In 2020, the Power’s preseason was impacted due to the bushfires and subsequent smoke that raged in the south east of the state, forcing many to improvise. When asked if the club, and in particular the group of the past 12 months was resilient, there was little doubt in Gippsland Power coach, Rhett McLennan‘s mind.

“It seems that way,” he said. “They really roll with the punches well, this group of girls. “Regardless of what it’s been, whether it’s been bushfires, whether it’s been a global pandemic, when they’ve actually turned up to training, it seems to have been their sole focus and they’ve been a pleasure to coach so far.”

The new landscape of NAB League football means lists are younger, with only a handful of what used to be over-agers (19-year-olds) and some inexperienced 18 and 17-year-olds due to the season cancellation. McLennan admitted the Power’s 2021 side would be young, but he was excited about their potential.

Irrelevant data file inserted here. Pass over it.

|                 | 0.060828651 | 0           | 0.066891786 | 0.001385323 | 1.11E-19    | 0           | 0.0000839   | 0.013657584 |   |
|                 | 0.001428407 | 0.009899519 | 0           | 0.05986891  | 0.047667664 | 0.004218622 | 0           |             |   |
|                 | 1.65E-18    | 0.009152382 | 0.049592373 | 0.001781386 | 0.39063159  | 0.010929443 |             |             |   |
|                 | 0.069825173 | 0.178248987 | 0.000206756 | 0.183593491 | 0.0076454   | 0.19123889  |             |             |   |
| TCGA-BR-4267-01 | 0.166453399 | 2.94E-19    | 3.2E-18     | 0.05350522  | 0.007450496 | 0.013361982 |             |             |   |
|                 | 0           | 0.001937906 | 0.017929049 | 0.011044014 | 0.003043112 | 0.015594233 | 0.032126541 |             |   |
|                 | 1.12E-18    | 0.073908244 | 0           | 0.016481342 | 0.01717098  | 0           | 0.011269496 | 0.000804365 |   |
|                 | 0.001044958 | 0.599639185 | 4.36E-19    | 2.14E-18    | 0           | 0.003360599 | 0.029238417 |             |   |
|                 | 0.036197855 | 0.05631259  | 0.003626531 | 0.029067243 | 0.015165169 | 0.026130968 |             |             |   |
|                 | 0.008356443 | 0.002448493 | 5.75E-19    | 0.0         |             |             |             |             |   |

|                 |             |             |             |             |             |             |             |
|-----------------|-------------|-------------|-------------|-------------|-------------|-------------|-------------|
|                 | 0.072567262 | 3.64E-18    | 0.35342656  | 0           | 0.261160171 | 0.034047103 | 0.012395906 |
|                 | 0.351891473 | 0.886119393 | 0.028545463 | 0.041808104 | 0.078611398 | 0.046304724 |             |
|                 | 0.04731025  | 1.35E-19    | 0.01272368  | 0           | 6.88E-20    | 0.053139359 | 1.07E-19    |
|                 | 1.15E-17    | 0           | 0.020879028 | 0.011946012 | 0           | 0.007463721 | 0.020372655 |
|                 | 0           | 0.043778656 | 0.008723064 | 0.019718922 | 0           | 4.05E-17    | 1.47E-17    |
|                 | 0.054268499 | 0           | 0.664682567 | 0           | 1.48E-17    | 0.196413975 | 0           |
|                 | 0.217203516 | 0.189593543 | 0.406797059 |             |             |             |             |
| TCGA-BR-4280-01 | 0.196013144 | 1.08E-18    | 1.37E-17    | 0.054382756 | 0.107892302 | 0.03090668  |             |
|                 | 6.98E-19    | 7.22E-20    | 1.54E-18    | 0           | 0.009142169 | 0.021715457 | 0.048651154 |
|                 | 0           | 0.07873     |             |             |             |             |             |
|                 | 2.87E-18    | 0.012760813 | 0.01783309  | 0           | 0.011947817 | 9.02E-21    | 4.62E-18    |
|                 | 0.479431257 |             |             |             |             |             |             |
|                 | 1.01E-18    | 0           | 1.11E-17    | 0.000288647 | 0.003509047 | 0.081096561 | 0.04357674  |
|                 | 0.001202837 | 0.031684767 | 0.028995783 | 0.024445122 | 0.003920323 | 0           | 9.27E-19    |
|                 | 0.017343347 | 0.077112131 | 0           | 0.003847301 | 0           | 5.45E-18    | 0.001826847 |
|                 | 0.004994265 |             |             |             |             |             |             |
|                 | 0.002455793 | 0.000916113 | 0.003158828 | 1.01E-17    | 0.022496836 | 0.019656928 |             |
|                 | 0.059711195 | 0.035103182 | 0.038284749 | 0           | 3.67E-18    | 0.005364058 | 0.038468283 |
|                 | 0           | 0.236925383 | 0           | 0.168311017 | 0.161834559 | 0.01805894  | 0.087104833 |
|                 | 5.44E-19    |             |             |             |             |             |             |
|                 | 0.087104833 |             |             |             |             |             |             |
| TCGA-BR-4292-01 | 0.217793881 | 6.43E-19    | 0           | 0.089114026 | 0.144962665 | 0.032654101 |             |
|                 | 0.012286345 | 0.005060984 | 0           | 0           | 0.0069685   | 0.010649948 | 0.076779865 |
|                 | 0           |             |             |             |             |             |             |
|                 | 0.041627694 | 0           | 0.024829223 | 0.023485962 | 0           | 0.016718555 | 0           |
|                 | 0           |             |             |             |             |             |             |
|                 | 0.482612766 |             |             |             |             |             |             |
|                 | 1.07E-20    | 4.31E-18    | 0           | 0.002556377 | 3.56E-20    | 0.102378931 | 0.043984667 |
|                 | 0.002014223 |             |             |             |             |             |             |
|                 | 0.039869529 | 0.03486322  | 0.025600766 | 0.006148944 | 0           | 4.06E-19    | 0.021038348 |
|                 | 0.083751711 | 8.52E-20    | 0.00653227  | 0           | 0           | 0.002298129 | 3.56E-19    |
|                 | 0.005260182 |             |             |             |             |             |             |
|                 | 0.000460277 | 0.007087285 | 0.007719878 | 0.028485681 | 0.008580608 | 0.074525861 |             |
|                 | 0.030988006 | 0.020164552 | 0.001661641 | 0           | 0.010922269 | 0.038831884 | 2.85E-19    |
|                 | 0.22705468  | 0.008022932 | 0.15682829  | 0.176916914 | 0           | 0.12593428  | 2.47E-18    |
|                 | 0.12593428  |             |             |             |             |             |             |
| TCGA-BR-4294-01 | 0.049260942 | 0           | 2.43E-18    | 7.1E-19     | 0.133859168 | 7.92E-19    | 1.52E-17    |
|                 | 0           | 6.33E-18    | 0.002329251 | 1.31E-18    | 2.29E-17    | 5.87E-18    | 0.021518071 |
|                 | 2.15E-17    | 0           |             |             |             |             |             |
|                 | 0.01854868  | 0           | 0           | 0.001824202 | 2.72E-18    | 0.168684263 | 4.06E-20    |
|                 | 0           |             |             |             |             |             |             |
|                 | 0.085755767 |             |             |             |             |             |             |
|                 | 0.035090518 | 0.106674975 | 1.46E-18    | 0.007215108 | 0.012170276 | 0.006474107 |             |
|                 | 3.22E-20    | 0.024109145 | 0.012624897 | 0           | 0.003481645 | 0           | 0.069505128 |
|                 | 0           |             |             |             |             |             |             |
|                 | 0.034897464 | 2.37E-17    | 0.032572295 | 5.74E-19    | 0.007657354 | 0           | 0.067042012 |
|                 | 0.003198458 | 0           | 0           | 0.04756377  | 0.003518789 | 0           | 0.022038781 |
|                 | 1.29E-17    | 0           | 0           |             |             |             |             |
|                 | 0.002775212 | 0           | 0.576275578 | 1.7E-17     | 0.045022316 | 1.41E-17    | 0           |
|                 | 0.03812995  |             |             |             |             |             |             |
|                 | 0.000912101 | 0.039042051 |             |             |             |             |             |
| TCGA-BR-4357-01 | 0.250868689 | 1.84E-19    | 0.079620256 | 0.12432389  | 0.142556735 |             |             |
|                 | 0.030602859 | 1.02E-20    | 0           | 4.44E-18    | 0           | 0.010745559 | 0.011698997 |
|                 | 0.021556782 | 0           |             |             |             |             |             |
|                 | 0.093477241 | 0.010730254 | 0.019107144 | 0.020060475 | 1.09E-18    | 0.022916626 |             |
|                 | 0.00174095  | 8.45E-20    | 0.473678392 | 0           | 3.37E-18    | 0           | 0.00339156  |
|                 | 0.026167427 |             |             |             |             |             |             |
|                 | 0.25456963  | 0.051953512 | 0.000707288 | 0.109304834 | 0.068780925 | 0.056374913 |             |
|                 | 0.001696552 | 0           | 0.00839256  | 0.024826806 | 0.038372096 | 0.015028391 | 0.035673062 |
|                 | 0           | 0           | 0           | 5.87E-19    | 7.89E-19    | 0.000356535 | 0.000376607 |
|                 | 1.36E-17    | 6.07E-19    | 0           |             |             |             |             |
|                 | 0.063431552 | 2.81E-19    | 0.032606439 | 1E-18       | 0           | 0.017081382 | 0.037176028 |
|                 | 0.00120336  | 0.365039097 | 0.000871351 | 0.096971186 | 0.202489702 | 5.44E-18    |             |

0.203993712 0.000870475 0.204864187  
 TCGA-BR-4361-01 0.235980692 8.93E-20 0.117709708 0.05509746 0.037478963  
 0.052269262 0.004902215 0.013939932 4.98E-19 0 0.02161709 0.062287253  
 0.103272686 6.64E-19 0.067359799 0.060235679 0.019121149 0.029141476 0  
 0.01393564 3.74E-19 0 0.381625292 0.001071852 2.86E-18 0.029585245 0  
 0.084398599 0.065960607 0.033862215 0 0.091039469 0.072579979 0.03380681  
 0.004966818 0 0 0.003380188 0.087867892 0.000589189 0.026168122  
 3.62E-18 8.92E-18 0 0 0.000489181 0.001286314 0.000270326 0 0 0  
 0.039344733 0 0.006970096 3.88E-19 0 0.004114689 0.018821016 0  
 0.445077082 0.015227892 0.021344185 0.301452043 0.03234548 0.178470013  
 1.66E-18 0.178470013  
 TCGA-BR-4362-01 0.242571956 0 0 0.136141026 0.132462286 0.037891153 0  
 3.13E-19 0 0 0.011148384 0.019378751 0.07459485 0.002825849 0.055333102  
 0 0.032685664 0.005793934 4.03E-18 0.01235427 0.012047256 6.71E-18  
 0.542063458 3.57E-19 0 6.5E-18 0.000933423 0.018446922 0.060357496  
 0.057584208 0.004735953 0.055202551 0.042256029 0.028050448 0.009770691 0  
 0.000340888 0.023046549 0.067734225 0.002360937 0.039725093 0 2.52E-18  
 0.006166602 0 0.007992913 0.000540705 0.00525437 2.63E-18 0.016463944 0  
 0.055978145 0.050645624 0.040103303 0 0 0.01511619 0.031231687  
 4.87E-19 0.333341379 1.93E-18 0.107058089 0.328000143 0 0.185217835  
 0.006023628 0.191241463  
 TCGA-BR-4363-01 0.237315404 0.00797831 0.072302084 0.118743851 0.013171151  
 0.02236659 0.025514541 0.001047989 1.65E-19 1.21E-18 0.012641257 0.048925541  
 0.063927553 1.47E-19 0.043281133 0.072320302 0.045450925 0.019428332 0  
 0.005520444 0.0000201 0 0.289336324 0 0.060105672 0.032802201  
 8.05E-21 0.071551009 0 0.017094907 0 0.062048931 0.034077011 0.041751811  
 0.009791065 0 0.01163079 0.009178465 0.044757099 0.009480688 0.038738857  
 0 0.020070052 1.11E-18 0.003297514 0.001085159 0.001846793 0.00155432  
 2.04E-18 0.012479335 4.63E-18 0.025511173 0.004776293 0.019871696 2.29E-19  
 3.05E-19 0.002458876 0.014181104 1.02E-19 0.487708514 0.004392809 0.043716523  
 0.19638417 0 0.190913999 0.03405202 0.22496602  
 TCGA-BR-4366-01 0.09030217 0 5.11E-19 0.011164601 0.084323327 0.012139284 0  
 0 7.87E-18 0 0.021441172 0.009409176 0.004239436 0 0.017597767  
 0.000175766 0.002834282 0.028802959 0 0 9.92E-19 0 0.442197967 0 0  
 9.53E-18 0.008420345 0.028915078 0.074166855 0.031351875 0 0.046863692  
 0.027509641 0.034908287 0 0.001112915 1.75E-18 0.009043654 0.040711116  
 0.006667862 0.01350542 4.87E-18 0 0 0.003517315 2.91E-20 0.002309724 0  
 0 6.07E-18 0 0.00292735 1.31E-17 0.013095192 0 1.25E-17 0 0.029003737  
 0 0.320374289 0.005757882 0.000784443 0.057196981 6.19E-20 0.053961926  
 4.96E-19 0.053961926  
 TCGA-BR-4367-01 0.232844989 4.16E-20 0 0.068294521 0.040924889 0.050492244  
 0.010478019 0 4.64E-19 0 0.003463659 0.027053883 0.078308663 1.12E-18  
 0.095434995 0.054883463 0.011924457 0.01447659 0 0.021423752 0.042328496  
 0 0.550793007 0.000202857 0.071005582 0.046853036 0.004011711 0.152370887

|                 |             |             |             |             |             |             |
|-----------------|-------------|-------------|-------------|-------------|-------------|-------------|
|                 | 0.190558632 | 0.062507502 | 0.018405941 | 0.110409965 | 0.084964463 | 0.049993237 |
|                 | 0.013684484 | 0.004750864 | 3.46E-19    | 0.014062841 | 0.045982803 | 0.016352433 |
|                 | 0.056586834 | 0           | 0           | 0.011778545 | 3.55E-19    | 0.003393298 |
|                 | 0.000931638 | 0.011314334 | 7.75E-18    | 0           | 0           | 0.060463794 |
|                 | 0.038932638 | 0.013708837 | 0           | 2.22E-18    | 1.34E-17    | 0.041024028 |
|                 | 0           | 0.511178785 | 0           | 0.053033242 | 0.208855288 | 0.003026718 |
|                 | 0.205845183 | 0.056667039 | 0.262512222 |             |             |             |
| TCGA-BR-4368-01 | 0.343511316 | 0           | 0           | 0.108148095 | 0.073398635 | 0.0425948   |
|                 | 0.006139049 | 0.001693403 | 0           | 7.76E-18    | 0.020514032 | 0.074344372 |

“Primarily we’re fairly young,” McLennan said. “But I’d imagine that a lot of the NAB League teams are as well because you won’t take as many top-age girls through, so it’s probably a little bit different in a structure being Under 19s than it was Under 18s. “We’re young, we’re developing, but we think when we look across a section of our list, we’ve got some speed and we’re also got some skill in regards to that, so the way that we move the ball I think will be a lot quicker, and when we’re on I think we’ll be a pretty exciting team to watch.”

On last year’s group, there were a number of players in contention to be drafted, and AFL Women’s Academy member Megan Fitzsimon was lucky enough to have her named called out on draft night, credit to her consistency over the past few seasons. Gippsland Power Gameday Operations Coordinator Chelsea Caple said Fitzsimon had earned a spot at the elite level and her work had already been recognised by Melbourne when she was selected for Round 1.